Sunday, February 26, 2017

Moral Psychology - Some Thoughts

The idea that the mind is a blank slate at birth is a right. Developmental psychology has shown that kids come into the world with some knowledge about the physical and social worlds, and programmed to make it really easy for them to learn certain things and hard to learn others. The brain scientist Gary Marcus says, "The initial organization of the brain does not depend that much on experience. Nature provides a first draft, which experience then revises. Built-in doesn't mean unmalleable; it means organized in advance of experience." OK, so what's on the first draft of the moral mind? Jonathan Hiadt and Craig Joseph,  found five foundations of morality from a literature review that they did.

The first one is harm/care. All mammals have a lot of neural and hormonal programming that makes them  really bond with others, care for others, feel compassion for others, especially the weak and vulnerable. It also gives them  very strong feelings about those who cause harm.

The second foundation is fairness/reciprocity. This is a foundation of  many religions.

The third foundation is in-group/loyalty. You do find groups in the animal kingdom.  Among humans you find very large groups of people who are able to cooperate, join together into groups, but also  fight other groups.

The fourth foundation is authority/respect. Here you see submissive gestures from two members of very closely related species. But authority in humans is not only based on power and brutality also based on love and regard for certain services rendered when they are helpless and need those services.

The fifth foundation is purity/sanctity.  It's about any kind of ideology, any kind of idea that tells you that you can attain virtue by controlling what you do with your body, by controlling what you put into your body.

What is the difference between liberals and conservatives? Jonathan Hiadt believes that these are the five best candidates for what's written on the first draft of the moral mind. If there really are five systems at work in the mind — five sources of intuitions and emotions — then we can think of the moral mind as being like one of those audio equalizers that has five channels, where  a different setting can be made on every channel.

For  harm and care issues as well as fairness issues, liberals very committed. We can say that liberals have a kind of a two-channel, or two-foundation morality. Conservatives have more of a five-foundation, or five-channel morality. Conservative are more committed to  in-group, authority, purity. Moral arguments within cultures are especially about issues of in-group, authority, purity among liberals and conservatives.

The arguments can be explained based  on an idea. In the beginning all is ordered, all is beautiful, all the people and animals are doing what they're supposed to be doing, where they're supposed to be. But then, we know, things change based on  individual preferences. We get every person doing whatever he wants, and the resulting disorder starts hurting more people. Cooperation may decay from reasonably good, down to close to zero. The liberal thought became too extreme, the social cause was neglected too long by too many people, and therefore conservatives have to step in and bring more social or moral controls. Initially there will be arguments and then small fights etc. as the change process progresses.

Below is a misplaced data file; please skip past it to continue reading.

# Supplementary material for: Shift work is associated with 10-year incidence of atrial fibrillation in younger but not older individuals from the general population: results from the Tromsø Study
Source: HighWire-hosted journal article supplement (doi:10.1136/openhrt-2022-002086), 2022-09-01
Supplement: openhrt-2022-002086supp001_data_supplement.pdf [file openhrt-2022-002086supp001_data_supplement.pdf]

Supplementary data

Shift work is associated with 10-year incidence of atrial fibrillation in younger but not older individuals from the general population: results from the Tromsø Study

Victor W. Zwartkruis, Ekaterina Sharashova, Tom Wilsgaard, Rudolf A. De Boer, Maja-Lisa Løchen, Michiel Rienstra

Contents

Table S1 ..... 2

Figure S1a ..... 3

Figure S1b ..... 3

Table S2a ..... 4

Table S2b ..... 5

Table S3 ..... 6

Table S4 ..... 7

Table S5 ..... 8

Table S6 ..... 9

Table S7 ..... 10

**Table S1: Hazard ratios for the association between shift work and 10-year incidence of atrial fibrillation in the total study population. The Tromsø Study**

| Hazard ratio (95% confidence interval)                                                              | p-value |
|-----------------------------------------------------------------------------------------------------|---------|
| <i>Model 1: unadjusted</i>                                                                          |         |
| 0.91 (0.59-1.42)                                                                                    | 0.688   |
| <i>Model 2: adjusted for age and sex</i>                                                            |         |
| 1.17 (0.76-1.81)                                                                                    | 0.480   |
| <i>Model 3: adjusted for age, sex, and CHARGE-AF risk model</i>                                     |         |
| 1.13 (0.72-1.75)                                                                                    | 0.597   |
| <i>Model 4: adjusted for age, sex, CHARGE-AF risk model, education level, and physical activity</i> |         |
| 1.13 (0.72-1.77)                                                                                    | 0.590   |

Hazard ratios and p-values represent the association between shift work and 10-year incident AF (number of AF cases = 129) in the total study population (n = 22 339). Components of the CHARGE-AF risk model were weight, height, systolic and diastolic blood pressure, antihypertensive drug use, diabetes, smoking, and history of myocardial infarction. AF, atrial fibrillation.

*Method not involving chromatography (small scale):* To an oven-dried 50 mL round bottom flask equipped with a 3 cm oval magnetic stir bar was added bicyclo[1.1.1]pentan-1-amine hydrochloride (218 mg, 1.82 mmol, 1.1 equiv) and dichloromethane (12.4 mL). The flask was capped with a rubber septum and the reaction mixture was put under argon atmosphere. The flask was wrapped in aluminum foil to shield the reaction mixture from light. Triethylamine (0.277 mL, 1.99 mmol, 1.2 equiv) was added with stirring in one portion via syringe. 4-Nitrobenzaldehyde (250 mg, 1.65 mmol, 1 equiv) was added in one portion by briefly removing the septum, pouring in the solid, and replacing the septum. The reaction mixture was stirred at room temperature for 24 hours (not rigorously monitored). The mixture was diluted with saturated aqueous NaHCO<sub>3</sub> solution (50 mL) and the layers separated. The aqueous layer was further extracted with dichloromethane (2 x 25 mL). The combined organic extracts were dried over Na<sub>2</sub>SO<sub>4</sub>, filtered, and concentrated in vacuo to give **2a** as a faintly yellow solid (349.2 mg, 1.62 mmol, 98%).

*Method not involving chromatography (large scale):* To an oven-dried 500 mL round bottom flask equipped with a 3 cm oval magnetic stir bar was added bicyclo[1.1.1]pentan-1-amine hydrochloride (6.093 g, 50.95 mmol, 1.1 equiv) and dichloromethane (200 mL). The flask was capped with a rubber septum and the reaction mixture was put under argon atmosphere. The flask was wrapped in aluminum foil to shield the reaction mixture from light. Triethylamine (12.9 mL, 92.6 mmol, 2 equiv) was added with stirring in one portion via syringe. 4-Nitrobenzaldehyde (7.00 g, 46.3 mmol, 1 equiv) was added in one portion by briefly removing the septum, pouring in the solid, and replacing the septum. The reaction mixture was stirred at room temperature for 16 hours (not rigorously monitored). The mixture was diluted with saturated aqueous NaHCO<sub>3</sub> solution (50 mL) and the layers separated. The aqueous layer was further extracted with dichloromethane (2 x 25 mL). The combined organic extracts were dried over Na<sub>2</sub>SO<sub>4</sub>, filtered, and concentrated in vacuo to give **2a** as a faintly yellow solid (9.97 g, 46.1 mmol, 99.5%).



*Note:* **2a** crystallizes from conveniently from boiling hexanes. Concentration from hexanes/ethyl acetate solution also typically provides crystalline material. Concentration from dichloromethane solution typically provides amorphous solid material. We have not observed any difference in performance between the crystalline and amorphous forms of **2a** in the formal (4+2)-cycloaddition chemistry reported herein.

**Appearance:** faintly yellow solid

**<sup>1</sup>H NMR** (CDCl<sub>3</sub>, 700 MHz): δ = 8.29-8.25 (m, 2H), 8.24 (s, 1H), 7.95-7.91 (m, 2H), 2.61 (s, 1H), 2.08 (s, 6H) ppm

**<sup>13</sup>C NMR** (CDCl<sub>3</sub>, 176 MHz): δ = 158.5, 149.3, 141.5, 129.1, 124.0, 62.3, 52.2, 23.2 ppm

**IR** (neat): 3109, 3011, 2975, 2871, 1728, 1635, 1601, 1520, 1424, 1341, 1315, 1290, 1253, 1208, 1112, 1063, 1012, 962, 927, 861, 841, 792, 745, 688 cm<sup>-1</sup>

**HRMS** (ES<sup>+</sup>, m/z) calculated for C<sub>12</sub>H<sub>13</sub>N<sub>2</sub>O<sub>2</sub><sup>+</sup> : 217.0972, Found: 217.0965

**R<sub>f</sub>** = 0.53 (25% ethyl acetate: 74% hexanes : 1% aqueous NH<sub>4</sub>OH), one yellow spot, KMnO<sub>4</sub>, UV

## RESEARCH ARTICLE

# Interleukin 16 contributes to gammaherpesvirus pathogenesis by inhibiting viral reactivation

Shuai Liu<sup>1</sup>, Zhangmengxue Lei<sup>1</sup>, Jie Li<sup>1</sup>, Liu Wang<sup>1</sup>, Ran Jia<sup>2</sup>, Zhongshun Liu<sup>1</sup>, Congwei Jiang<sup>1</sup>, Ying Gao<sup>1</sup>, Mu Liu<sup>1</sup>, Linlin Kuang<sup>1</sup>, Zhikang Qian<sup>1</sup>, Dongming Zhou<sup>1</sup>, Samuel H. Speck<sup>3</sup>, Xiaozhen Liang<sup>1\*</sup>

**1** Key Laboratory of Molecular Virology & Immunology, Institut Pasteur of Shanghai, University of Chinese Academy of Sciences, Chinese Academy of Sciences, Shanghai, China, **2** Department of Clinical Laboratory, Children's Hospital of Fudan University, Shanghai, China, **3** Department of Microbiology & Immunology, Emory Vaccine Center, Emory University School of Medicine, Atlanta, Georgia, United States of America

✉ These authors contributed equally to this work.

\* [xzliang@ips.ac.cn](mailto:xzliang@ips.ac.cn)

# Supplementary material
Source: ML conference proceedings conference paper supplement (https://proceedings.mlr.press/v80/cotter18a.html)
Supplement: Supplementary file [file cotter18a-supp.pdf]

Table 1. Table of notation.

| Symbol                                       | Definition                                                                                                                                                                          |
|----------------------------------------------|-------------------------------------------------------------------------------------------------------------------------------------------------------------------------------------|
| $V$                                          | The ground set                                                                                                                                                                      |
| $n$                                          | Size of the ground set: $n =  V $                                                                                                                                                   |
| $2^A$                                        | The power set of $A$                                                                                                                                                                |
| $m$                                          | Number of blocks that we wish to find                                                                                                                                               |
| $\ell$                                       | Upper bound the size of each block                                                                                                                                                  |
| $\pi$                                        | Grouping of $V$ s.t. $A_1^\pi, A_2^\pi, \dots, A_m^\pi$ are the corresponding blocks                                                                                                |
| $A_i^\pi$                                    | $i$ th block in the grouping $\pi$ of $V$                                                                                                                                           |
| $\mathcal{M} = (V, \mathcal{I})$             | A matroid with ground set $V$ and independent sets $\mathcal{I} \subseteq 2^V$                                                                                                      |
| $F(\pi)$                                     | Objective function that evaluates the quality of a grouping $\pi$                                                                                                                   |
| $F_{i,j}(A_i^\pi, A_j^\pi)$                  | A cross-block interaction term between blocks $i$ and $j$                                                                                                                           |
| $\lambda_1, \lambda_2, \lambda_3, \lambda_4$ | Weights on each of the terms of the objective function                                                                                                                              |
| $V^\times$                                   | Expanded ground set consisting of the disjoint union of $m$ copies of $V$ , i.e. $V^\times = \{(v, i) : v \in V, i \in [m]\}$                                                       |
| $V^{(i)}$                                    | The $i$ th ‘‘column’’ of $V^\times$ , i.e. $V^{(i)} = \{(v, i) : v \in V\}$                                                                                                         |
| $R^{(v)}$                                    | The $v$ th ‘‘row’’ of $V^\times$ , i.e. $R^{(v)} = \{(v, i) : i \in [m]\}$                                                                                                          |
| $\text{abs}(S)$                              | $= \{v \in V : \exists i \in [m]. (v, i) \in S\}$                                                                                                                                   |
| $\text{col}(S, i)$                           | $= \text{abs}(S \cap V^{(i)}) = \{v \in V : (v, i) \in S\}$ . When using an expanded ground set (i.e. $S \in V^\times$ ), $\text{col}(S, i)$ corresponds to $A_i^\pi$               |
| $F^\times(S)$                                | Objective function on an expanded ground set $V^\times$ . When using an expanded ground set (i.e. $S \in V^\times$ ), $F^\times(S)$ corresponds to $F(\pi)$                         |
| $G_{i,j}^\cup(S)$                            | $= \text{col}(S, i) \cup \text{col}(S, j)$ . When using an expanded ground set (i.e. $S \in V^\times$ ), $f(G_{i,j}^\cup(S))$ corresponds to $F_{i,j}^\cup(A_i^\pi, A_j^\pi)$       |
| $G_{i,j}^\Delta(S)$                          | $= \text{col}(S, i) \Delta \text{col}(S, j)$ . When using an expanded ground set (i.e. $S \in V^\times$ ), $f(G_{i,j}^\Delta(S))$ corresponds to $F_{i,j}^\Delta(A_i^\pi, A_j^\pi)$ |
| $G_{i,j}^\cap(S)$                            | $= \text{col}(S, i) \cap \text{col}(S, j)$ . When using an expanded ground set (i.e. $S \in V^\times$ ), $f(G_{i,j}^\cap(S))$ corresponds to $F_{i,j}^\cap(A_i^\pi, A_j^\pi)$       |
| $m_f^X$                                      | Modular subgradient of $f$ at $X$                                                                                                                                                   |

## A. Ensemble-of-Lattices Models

Liberals also have very noble motives when they drive for change and individual liberty.  Traditional authority, traditional morality can be quite repressive, and restrictive to those at the bottom, to women, to people that don't fit in. So liberals speak for the weak and oppressed. They want change and justice, even at the risk of chaos.  So once you see this — once you see that liberals and conservatives both have something to contribute, that they form a balance on change versus stability.

In an argument or dispute, everybody thinks they are right. A lot of the problems we have to solve are problems that require us to change other people. And if you want to change other people, a much better way to do it is to first understand who we are — understand our moral psychology, understand that we all think we're right — and then step out, even if it's just for a moment, step out.  And if you do that, that's the essential move to cultivate moral humility, to get yourself out of this self-righteousness, which is the normal human condition. Think about the Dalai Lama. Think about the enormous moral authority of the Dalai Lama — and it comes from his moral humility.

There has to be a passionate commitment to the truth or to reason out what is appropriate for the moment. Let thought in the society change from liberal to conservative - from conservative to liberal as appropriate. You also change your side as per need.

Abridged from a Ted Talk.
Jonathan Haidt: The moral roots of liberals and conservatives

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